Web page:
Hide Techdirt is off for the long weekend! We'll be back with our regular posts tomorrow.

This Week In Techdirt History: July 3rd – 9th

from the tubes-and-monkeys dept

Five Years Ago

The fight over PROTECT IP was heating up this week in 2011, with law professors joining the ranks of those opposed to the bill while Hollywood ramped up its smear campaign against Senator Ron Wyden, and Senator Jerry Moran removed himself as a co-sponsor of the bill. Of course, this wasn’t the only bad bill being considered — there was also the anti-streaming bill, which caught the attention of video game streamers and was met with a mass of YouTube video protests. Meanwhile, the entertainment industry was busy moving ahead of the law by signing the major US ISPs onto a “five strikes” plan for copyright infringement. Those who received strikes would have to pay to contest them, and it looked like the industry had backdoored in the disconnection powers it so desired.

But the most memorable thing to happen this week in 2011 was, of course, the unveiling of the famous (and fascinating/contentious from a copyright perspective) monkey selfie.

Ten Years Ago

This week in 2006, the RIAA was busy suing sites around the globe, with the latest target being Allofmp3.com in the UK. We were skeptical of this approach, but the Associated Press certainly seemed to have bought the scare stories about global piracy in full. The RIAA was also failing on the home front, with university students seeing right through its terrible “free” music service. Hollywood was busy taking down the free promotion it got from its fans, and after a German magazine noted that you can technically pirate a movie by simply screencapping every frame, we wondered how long it would take for the MPAA to try to ban the Print Screen button.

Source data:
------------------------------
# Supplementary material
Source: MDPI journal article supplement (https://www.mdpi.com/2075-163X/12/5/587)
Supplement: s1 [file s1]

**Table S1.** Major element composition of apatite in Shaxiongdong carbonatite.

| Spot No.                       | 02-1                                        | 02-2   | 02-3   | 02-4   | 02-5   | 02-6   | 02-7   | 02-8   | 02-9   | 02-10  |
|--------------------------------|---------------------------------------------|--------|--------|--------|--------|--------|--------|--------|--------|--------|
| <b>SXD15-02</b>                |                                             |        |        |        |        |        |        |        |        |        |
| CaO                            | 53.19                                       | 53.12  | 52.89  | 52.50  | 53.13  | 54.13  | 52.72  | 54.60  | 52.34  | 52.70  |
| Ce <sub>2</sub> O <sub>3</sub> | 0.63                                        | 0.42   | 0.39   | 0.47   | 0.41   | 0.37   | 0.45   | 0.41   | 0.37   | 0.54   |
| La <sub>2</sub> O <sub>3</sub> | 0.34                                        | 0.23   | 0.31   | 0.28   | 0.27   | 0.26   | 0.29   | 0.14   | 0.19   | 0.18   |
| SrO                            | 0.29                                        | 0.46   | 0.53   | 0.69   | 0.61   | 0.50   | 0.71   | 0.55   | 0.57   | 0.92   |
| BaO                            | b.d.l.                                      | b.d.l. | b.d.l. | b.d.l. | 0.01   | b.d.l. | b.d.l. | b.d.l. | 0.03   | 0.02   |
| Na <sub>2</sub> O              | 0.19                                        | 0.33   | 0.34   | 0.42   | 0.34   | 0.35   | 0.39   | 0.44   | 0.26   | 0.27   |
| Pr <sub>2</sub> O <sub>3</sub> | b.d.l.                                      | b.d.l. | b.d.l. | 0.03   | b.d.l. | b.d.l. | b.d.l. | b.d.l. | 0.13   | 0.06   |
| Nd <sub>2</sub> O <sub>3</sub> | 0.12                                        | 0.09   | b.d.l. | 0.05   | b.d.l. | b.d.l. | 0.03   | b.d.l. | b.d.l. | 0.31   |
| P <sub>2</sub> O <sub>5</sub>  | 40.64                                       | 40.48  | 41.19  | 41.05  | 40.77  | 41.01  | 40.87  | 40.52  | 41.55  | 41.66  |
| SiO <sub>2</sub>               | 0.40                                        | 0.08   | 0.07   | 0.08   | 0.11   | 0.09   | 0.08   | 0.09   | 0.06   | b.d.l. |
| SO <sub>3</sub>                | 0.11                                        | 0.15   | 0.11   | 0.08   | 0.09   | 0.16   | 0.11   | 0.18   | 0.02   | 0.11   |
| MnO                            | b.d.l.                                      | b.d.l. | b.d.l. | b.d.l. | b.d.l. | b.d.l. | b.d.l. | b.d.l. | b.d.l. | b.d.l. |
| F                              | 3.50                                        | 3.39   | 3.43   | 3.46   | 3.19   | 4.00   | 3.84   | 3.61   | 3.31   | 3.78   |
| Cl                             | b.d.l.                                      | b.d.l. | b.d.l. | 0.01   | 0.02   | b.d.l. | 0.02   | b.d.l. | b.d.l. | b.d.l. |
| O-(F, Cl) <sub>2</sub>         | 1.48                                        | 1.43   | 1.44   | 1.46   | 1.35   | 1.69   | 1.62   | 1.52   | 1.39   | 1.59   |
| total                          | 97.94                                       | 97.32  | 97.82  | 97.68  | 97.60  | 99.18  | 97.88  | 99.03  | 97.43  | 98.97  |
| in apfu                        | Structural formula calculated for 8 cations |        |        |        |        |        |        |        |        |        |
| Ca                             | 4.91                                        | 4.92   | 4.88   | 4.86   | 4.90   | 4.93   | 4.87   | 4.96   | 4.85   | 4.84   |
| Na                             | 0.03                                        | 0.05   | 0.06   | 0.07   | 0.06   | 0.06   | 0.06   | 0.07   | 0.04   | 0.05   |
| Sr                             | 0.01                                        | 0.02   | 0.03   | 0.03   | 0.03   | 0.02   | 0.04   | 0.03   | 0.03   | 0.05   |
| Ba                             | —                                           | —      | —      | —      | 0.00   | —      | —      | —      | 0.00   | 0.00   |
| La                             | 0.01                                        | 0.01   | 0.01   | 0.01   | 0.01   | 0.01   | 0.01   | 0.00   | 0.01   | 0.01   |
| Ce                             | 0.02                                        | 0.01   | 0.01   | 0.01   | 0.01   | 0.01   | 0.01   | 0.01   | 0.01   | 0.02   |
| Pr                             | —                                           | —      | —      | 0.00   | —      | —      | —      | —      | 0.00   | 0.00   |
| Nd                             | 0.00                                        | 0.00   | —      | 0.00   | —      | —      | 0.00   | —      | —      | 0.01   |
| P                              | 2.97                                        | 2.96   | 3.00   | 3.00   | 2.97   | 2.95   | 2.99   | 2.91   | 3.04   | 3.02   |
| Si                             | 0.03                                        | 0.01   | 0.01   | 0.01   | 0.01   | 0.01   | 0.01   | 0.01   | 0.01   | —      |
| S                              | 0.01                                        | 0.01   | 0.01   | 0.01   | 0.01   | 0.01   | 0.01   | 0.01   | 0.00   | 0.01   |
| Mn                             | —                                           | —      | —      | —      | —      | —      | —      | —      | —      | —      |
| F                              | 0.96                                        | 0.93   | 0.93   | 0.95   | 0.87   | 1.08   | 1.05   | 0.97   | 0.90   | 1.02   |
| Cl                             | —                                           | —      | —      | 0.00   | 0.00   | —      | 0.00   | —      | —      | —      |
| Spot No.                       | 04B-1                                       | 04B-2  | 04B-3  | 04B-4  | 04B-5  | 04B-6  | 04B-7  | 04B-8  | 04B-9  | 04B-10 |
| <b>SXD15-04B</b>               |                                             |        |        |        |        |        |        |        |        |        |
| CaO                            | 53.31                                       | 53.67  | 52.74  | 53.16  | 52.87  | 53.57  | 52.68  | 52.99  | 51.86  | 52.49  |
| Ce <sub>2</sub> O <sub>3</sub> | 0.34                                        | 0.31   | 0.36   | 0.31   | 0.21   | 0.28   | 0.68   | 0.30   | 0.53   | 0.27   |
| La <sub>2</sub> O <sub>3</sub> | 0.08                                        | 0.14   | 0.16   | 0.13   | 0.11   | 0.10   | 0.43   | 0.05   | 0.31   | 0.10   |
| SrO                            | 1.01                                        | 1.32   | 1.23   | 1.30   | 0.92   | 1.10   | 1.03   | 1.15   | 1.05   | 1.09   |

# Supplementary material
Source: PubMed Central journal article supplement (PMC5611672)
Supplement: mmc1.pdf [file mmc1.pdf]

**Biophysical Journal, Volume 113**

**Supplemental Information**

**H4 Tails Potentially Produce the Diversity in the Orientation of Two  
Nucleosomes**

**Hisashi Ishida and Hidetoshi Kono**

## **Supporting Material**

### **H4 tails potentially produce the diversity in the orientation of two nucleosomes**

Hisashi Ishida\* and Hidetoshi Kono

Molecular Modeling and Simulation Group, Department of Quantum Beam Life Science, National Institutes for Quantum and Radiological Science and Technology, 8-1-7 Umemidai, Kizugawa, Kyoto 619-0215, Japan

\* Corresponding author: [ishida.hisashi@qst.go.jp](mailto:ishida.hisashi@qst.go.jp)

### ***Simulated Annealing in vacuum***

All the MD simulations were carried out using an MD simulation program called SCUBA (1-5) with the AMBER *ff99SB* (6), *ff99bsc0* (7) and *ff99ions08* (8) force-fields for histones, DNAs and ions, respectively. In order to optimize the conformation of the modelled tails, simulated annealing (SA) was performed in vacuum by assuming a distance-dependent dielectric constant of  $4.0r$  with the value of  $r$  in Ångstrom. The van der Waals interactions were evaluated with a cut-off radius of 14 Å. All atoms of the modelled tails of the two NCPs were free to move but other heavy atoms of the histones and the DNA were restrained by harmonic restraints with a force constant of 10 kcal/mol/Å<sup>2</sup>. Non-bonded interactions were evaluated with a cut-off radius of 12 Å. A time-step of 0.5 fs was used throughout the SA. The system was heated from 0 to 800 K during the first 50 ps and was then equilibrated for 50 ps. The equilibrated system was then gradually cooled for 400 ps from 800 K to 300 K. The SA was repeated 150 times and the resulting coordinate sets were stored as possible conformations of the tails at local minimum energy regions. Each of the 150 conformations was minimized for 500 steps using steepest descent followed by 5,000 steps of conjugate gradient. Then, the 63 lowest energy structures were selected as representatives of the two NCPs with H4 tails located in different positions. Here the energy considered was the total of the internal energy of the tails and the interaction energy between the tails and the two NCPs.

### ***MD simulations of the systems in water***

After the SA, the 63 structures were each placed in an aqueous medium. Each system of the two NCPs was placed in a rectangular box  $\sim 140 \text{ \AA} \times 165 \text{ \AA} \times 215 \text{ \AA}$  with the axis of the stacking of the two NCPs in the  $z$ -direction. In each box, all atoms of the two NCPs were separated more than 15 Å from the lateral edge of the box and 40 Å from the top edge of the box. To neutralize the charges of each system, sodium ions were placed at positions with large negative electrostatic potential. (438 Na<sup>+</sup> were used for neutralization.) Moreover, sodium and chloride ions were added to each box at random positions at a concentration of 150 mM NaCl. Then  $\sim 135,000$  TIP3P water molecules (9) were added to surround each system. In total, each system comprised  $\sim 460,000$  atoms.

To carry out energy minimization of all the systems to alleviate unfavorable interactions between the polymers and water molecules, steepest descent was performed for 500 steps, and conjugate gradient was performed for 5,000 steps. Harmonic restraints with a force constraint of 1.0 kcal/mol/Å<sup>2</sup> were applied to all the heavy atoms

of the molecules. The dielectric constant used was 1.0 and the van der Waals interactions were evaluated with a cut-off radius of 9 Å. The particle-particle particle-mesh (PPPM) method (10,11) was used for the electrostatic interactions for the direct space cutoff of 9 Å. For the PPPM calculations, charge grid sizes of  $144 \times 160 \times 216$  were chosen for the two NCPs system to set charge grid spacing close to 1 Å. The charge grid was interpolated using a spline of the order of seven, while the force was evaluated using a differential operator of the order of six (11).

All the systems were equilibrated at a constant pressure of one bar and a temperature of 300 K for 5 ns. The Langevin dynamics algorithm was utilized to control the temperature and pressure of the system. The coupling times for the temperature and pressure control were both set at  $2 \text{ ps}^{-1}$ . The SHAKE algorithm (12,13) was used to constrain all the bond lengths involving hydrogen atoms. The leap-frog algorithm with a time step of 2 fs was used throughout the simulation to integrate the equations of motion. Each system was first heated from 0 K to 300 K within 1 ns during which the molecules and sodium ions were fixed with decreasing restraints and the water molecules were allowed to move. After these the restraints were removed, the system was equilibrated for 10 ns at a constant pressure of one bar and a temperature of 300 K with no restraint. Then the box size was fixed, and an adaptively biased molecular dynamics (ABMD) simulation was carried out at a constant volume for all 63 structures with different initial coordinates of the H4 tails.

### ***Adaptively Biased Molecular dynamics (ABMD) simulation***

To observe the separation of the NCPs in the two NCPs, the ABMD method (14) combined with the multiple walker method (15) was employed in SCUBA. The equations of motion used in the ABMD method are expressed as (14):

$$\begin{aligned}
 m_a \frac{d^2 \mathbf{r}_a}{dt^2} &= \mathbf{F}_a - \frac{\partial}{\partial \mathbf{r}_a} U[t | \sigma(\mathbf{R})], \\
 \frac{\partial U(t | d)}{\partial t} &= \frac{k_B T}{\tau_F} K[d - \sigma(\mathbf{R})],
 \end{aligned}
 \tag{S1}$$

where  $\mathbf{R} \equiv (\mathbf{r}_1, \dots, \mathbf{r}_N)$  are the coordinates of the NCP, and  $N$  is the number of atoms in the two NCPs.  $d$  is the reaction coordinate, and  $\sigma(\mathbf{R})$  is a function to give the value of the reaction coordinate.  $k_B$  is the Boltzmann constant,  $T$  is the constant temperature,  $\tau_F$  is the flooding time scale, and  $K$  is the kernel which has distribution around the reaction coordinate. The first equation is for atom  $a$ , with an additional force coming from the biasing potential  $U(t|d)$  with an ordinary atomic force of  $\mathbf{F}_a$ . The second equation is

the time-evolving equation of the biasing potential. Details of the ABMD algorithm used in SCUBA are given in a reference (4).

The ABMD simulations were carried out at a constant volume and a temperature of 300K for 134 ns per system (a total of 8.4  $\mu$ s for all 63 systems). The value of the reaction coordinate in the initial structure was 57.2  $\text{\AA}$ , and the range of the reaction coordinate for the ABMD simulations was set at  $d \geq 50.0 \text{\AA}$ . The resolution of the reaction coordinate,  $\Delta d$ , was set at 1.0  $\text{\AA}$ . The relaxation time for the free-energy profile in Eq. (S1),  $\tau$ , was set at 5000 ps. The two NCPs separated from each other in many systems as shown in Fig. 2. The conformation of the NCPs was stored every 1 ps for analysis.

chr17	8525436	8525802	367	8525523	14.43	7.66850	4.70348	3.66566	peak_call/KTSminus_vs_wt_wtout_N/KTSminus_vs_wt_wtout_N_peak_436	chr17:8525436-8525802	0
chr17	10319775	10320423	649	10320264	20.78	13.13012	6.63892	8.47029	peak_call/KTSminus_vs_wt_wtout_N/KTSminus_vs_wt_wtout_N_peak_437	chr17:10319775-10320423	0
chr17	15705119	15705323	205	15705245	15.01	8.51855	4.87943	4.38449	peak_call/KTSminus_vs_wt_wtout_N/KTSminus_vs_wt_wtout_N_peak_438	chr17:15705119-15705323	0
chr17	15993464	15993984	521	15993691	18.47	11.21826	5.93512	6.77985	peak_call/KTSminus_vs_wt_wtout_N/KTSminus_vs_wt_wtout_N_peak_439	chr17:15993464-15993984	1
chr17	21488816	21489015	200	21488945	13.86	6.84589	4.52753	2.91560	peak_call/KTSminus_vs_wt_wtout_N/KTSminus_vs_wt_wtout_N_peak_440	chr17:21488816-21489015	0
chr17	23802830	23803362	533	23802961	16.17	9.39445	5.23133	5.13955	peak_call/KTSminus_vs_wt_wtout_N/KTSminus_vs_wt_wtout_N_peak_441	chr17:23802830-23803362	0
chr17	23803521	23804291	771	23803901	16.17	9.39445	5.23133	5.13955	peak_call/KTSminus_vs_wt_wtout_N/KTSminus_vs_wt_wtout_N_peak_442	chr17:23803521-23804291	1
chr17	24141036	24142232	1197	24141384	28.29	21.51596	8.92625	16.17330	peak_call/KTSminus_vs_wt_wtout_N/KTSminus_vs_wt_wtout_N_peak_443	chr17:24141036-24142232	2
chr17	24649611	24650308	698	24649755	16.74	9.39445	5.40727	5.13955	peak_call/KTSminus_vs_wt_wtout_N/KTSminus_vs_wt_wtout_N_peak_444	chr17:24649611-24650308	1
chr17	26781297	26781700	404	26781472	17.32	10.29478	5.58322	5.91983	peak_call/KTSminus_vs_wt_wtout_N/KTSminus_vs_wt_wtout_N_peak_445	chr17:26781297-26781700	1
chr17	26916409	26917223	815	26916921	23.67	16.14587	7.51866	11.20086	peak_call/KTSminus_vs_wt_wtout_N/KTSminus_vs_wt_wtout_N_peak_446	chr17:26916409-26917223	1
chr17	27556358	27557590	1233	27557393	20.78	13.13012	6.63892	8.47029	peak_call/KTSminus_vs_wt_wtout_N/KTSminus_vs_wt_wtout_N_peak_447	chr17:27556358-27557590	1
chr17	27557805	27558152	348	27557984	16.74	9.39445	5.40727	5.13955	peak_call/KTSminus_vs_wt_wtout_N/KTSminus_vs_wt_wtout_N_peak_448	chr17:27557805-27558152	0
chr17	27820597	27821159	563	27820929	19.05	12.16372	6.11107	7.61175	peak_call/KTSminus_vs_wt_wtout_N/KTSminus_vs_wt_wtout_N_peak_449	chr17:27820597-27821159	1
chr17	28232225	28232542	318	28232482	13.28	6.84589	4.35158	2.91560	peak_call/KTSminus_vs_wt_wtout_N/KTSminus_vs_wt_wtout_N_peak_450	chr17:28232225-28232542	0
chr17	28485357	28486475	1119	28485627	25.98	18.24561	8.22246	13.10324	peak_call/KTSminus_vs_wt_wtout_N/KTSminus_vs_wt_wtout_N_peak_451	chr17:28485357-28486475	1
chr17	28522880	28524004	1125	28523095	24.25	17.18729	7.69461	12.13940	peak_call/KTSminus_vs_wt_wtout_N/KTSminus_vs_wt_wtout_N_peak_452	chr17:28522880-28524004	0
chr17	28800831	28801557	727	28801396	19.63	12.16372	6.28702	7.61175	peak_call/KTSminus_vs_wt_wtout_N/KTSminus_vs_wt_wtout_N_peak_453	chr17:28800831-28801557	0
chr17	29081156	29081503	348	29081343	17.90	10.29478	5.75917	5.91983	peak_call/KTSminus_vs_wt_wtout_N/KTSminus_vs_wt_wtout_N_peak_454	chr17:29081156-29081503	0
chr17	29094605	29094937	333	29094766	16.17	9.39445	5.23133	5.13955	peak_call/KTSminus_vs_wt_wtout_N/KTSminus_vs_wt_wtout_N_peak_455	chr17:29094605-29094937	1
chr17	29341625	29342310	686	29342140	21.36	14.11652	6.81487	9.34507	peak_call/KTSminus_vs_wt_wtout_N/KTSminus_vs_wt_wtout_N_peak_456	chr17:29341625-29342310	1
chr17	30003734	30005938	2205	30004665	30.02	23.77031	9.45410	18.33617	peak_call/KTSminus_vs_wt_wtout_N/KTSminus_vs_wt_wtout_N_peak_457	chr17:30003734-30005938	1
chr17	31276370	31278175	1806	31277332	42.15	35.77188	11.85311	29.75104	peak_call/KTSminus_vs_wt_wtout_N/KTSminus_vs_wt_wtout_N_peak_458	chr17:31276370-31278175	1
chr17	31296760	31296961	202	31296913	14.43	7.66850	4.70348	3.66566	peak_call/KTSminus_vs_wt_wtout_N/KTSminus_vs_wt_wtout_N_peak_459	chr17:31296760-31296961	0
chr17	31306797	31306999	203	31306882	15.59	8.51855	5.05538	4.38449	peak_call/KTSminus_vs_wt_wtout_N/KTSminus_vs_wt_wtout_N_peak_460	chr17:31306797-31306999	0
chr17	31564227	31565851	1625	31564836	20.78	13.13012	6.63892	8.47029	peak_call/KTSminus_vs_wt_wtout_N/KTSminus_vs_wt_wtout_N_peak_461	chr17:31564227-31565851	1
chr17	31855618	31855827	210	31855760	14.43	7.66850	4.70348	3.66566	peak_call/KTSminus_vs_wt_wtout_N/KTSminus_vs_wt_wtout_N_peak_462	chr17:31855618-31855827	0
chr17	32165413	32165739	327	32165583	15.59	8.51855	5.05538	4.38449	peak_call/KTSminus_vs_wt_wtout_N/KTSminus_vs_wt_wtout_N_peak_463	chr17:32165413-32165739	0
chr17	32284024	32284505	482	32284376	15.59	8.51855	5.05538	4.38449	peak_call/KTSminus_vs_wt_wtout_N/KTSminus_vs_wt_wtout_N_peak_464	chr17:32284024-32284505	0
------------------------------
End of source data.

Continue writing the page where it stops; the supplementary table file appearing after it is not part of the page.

There was a big, memorable moment this week in 2006 too: Senator Ted Stevens offered his infamous “series of tubes” explanation for the nature of the internet.

Fifteen Years Ago

Last week, we noted that Amazon introduced a free shipping program for the first time. This week in 2001, Barnes & Noble followed suit, and managed to do so without raising any prices on Monday. But then, on Friday… Amazon ended its free shipping program, calling it an experiment. Such was the dance of the early online retailers.

We saw the early rumblings of a legal response to the problems of cyber-bullying, and early takes on how to deal with (or possibly flat-out ban) the use of cellphones while driving. We even saw the earliest of baby steps down the long road to Uber with Ireland experimenting with the ability to get cabs by texting. And in a move that may not have seemed revolutionary at the time, but was actually a first step towards opening up lots of enlightening data, Google unveiled its “Zeitgeist” product for exploring the most popular searches and trends.

Twenty-Six Years Ago

Techdirt has been around for a long time, but the folks at the EFF still have a few years on us: it was on July 6th, 1990 that the EFF was founded by John Perry Barlow and Mitch Kapor after both faced inquiries by law enforcement agents who were clueless about technology. Happy birthday, EFF!

Filed Under: ,

Add Your Comment

Your email address will not be published. Required fields are marked *

Have a Techdirt Account? Sign in now. Want one? Register here

Comment Options:

Make this the or (get credits or sign in to see balance) what's this?

What's this?

Techdirt community members with Techdirt Credits can spotlight a comment as either the "First Word" or "Last Word" on a particular comment thread. Credits can be purchased at the Techdirt Insider Shop »

Follow Techdirt

Techdirt Daily Newsletter

Techdirt Deals
Techdirt Insider Discord
The latest chatter on the Techdirt Insider Discord channel...